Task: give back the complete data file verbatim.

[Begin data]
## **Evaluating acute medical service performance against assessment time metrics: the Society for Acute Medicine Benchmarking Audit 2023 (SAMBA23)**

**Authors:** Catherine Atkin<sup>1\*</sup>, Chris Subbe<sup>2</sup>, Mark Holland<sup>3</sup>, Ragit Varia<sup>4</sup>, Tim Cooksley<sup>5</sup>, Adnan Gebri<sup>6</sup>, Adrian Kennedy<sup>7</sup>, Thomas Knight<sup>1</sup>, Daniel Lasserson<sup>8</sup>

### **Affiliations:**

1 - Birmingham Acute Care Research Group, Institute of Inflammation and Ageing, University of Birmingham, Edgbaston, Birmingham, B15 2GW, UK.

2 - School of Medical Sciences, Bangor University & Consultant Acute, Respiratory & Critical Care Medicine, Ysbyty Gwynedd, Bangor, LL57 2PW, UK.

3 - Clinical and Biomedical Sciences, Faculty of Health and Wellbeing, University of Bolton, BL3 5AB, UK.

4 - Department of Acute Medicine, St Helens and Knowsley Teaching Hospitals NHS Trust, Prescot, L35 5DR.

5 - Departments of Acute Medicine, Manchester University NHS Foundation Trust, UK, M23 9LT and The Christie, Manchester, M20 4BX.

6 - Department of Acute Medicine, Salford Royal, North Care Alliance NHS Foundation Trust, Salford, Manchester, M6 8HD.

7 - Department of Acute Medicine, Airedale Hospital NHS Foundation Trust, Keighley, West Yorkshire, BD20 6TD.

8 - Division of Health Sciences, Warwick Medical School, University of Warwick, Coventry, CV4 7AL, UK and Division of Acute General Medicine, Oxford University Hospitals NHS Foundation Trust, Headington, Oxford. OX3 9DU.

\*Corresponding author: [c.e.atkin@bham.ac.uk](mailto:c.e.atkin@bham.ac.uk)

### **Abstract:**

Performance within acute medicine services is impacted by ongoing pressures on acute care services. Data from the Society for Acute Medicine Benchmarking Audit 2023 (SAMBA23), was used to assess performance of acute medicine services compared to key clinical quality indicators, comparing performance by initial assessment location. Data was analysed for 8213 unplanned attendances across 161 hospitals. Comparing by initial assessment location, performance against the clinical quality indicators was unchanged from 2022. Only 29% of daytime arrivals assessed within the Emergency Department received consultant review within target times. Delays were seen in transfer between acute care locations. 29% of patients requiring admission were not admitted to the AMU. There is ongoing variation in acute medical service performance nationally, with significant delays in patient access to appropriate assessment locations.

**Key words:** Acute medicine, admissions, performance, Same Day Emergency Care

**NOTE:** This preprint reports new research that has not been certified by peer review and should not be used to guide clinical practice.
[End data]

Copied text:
## **Evaluating acute medical service performance against assessment time metrics: the Society for Acute Medicine Benchmarking Audit 2023 (SAMBA23)**

**Authors:** Catherine Atkin<sup>1\*</sup>, Chris Subbe<sup>2</sup>, Mark Holland<sup>3</sup>, Ragit Varia<sup>4</sup>, Tim Cooksley<sup>5</sup>, Adnan Gebri<sup>6</sup>, Adrian Kennedy<sup>7</sup>, Thomas Knight<sup>1</sup>, Daniel Lasserson<sup>8</sup>

### **Affiliations:**

1 - Birmingham Acute Care Research Group, Institute of Inflammation and Ageing, University of Birmingham, Edgbaston, Birmingham, B15 2GW, UK.

2 - School of Medical Sciences, Bangor University & Consultant Acute, Respiratory & Critical Care Medicine, Ysbyty Gwynedd, Bangor, LL57 2PW, UK.

3 - Clinical and Biomedical Sciences, Faculty of Health and Wellbeing, University of Bolton, BL3 5AB, UK.

4 - Department of Acute Medicine, St Helens and Knowsley Teaching Hospitals NHS Trust, Prescot, L35 5DR.

5 - Departments of Acute Medicine, Manchester University NHS Foundation Trust, UK, M23 9LT and The Christie, Manchester, M20 4BX.

6 - Department of Acute Medicine, Salford Royal, North Care Alliance NHS Foundation Trust, Salford, Manchester, M6 8HD.

7 - Department of Acute Medicine, Airedale Hospital NHS Foundation Trust, Keighley, West Yorkshire, BD20 6TD.

8 - Division of Health Sciences, Warwick Medical School, University of Warwick, Coventry, CV4 7AL, UK and Division of Acute General Medicine, Oxford University Hospitals NHS Foundation Trust, Headington, Oxford. OX3 9DU.

\*Corresponding author: [c.e.atkin@bham.ac.uk](mailto:c.e.atkin@bham.ac.uk)

### **Abstract:**

Performance within acute medicine services is impacted by ongoing pressures on acute care services. Data from the Society for Acute Medicine Benchmarking Audit 2023 (SAMBA23), was used to assess performance of acute medicine services compared to key clinical quality indicators, comparing performance by initial assessment location. Data was analysed for 8213 unplanned attendances across 161 hospitals. Comparing by initial assessment location, performance against the clinical quality indicators was unchanged from 2022. Only 29% of daytime arrivals assessed within the Emergency Department received consultant review within target times. Delays were seen in transfer between acute care locations. 29% of patients requiring admission were not admitted to the AMU. There is ongoing variation in acute medical service performance nationally, with significant delays in patient access to appropriate assessment locations.

**Key words:** Acute medicine, admissions, performance, Same Day Emergency Care

**NOTE:** This preprint reports new research that has not been certified by peer review and should not be used to guide clinical practice.